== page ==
When it comes to economic policy, President Trump and the Republican-controlled Congress have accomplished little.
The president has signed a blizzard of executive orders requiring this or that regulation to be rolled back. In a storm of tweets and high-profile meetings, he has cajoled and berated corporate CEOs to bring jobs back home. But none of this has moved the economic dial.
Whatever you think of the president, we all need to hope he quickly comes to terms with Congress and signs legislation to fund the federal government and raise the Treasury debt limit. Both must be done by the end of September, or economic chaos will ensue.
We've been here before. In fall 2013, President Barack Obama and the Republican-controlled Congress failed to pass a budget, and the government shut down. It was a couple of weeks before cooler heads prevailed, a budget was passed, and the government reopened.
The shutdown didn't cause the economy to go into a tailspin, but it did significant damage. Growth slowed at a time when unemployment was still very high. If it had continued much longer, the fragile economy would have stalled out.
Failure to raise the debt limit poses an even more serious threat. The limit puts a ceiling on how much debt the federal government can have. Because the government runs a deficit – it spends more than it takes in – it needs to borrow money to fully fund its activities. That adds to our debt, and thus the debt ceiling needs to increase every so often.
This is one of those times. If lawmakers can't get it together and increase the limit by the end of September, then the government will have no choice but to cut spending to match revenues. The spending cuts will be massive, equal to the nation's current $600 billion budget deficit. Everyone will feel the effects, from Social Security recipients to military contractors.
We have never breached the debt limit, although we came close back in summer 2011. President Obama and another Republican-controlled Congress took it right down to the deadline.
Even though the limit was increased in the nick of time then, the brinkmanship did significant economic harm. One of the large rating agencies took away our AAA rating. Spooked investors demanded higher interest rates on our Treasury bonds to compensate for the possibility that they might not get paid in time.
Given that experience, you would think President Trump and Congress would be on high alert, and working hard to get legislation signed. That's not what is happening. Congress is bogged down with the effort to repeal and replace Obamacare before members head out for their August recess. We'll see them in September.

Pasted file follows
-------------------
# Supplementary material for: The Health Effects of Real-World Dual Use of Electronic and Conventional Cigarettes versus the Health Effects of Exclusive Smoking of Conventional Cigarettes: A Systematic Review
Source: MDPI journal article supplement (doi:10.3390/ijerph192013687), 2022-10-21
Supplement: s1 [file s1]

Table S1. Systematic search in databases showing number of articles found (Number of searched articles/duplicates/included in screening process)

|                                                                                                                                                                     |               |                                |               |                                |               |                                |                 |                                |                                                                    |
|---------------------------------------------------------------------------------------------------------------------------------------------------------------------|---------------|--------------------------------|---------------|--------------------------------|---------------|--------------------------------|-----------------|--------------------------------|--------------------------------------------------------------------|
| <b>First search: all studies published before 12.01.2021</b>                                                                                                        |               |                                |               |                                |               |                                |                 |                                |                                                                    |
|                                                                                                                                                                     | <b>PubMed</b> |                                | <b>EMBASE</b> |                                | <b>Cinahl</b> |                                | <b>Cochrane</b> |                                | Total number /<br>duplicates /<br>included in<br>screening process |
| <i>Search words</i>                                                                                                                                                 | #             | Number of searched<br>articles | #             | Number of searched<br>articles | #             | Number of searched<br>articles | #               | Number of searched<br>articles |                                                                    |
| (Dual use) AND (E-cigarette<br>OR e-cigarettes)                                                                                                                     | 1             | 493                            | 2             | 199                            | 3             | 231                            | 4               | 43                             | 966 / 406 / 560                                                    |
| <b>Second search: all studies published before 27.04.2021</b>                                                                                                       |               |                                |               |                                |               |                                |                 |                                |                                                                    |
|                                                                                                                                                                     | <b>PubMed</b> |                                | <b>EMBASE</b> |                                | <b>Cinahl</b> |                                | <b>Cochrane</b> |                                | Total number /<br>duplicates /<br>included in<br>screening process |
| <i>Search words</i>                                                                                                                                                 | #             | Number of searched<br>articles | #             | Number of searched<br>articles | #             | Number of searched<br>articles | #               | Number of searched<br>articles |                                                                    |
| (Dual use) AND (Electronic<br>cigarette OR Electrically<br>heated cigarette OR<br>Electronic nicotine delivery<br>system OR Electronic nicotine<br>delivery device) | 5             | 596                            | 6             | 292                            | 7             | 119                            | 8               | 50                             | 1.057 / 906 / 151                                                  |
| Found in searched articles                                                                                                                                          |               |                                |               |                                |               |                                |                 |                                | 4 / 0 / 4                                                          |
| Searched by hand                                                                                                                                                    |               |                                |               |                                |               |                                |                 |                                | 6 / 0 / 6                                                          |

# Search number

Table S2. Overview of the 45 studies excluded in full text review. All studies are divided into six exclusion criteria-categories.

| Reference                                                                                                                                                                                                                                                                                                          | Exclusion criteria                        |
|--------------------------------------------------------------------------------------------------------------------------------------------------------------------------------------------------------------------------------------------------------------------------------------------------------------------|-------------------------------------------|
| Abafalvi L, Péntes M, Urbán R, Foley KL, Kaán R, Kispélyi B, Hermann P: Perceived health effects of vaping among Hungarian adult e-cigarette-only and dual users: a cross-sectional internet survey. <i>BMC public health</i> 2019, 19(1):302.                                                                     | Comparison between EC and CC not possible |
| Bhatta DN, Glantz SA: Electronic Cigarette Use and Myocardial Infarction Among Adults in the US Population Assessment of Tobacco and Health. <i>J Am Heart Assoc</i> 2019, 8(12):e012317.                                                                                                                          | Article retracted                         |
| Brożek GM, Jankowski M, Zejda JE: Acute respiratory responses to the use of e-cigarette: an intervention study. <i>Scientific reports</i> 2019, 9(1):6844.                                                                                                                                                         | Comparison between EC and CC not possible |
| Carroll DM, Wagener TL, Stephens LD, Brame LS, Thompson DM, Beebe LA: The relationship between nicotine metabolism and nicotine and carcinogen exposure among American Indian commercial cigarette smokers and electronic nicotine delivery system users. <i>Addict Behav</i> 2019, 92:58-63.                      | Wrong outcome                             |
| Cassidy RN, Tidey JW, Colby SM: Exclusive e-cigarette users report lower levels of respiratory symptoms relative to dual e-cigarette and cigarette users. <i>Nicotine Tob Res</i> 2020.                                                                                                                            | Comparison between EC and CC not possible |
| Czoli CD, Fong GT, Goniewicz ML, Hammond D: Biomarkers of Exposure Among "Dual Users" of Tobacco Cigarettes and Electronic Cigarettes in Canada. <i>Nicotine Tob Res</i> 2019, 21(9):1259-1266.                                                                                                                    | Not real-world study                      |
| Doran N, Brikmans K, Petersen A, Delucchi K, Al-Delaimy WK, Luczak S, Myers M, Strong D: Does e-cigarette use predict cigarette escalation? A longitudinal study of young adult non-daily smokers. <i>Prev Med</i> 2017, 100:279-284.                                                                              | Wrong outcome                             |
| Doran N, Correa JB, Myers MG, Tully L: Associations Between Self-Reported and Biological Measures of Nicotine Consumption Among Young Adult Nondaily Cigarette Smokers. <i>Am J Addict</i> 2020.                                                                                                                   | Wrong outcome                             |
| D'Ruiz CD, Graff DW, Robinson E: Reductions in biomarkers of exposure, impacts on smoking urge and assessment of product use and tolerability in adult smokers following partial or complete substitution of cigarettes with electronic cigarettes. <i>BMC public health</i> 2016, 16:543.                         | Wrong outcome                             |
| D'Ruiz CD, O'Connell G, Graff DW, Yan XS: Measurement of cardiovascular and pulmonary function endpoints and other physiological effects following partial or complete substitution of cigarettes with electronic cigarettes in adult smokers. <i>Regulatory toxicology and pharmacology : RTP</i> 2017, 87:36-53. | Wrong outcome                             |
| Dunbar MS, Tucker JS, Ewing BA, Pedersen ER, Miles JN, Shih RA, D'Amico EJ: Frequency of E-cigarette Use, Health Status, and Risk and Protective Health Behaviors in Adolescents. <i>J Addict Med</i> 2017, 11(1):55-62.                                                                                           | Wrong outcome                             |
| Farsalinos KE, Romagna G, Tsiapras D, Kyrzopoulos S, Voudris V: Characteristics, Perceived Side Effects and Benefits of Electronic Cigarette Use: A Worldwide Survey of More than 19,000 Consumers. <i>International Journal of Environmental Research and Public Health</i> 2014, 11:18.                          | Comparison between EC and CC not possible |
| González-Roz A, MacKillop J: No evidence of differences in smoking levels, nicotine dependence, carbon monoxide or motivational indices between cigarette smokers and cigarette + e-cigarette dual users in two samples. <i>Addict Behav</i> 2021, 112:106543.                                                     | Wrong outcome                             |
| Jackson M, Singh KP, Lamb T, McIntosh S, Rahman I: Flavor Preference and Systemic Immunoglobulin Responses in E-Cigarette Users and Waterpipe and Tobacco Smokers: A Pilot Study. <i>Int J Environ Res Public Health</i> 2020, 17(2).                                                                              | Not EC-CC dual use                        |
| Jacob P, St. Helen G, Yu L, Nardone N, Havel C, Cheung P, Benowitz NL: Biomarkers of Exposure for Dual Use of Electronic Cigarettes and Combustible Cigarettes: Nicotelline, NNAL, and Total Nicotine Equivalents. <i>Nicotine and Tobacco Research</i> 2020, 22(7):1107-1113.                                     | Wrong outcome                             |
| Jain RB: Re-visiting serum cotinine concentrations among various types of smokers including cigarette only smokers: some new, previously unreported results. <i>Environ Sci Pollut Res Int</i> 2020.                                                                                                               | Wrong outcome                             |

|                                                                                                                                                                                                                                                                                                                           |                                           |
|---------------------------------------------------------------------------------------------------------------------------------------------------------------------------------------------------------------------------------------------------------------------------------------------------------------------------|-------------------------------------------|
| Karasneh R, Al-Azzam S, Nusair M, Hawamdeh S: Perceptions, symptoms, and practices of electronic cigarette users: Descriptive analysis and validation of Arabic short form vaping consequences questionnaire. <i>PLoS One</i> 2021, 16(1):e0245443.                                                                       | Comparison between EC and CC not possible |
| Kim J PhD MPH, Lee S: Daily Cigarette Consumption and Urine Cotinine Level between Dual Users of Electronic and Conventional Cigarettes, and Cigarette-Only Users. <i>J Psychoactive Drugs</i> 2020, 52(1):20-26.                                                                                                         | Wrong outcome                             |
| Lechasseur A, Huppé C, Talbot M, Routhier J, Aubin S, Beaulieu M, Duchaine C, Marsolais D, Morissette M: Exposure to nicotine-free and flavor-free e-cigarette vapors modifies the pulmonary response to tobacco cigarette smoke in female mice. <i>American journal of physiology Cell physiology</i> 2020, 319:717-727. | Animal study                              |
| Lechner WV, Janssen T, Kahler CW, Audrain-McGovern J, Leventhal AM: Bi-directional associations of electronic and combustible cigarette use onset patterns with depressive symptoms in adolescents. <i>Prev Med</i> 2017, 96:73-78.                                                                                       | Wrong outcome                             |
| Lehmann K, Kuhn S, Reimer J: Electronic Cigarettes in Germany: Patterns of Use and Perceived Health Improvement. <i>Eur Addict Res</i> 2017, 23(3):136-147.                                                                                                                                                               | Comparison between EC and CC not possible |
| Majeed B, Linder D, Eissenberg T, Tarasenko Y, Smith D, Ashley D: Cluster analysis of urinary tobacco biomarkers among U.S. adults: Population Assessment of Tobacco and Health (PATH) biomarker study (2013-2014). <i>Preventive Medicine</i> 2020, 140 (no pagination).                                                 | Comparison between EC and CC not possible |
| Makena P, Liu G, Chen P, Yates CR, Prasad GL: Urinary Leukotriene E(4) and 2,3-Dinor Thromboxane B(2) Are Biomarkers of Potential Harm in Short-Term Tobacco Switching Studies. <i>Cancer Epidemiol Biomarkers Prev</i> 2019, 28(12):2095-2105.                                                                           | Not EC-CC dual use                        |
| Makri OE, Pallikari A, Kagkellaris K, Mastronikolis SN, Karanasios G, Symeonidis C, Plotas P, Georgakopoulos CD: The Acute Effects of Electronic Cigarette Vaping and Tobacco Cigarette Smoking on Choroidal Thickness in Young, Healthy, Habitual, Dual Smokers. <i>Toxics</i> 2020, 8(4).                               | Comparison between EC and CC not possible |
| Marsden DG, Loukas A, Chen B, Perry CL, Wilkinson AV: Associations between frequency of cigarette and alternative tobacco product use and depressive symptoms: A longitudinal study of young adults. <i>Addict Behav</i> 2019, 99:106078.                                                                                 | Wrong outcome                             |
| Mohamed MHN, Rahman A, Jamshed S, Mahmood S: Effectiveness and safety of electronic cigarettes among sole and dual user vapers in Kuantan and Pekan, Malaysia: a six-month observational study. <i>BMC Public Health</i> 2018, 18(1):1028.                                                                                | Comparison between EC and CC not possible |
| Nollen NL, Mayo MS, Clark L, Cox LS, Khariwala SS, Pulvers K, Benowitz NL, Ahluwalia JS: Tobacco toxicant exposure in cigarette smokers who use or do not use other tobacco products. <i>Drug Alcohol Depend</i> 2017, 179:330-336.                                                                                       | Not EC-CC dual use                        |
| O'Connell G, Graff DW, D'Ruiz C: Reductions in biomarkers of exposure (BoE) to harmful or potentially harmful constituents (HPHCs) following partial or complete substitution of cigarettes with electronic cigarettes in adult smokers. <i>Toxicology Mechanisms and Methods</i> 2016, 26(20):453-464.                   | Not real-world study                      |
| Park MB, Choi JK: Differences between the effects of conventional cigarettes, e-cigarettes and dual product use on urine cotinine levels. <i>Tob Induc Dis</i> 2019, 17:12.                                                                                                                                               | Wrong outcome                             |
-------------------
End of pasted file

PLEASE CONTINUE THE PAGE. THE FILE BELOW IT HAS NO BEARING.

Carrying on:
That doesn't leave much time, especially for a president and Congress that can't get anything done. Complicating matters, the president's budget proposal has very little support, even among some Republican members of Congress. Reaching an agreement on complex tax and spending policy in just four weeks seems like a yeoman task.
Moreover, some Republican lawmakers believe that the threat of a government shutdown and a breach of the debt limit is an opportunity to force big, more fundamental changes to entitlement programs and to reduce the budget deficit.
They also argue that economic fallout from a shutdown or a breach of the debt limit would be small. They point to the record stock market: Wouldn't investors be selling their stocks if this were a real problem?
It's premature for that. Investors have seen this script before. They think it will end the same way, with an agreement before too much harm is done.
Even so, cracks in investor confidence are beginning to appear. A recent sale of three-month Treasury bills due in October went very poorly, with interest rates rising sharply. Investors are now attaching some probability that they might not get paid in full on time.
The cracks will turn into fissures if the president and Congress don't quickly nail things down when they get back in September. And if they don't get it together in time and the government shuts down, or especially if the debt limit is breached, then the fissures will turn into an economic earthquake.
So, regardless of whether you are a Trump supporter or a detractor, let's hope he gets something done very soon.
Mark Zandi is chief economist at Moody's Analytics.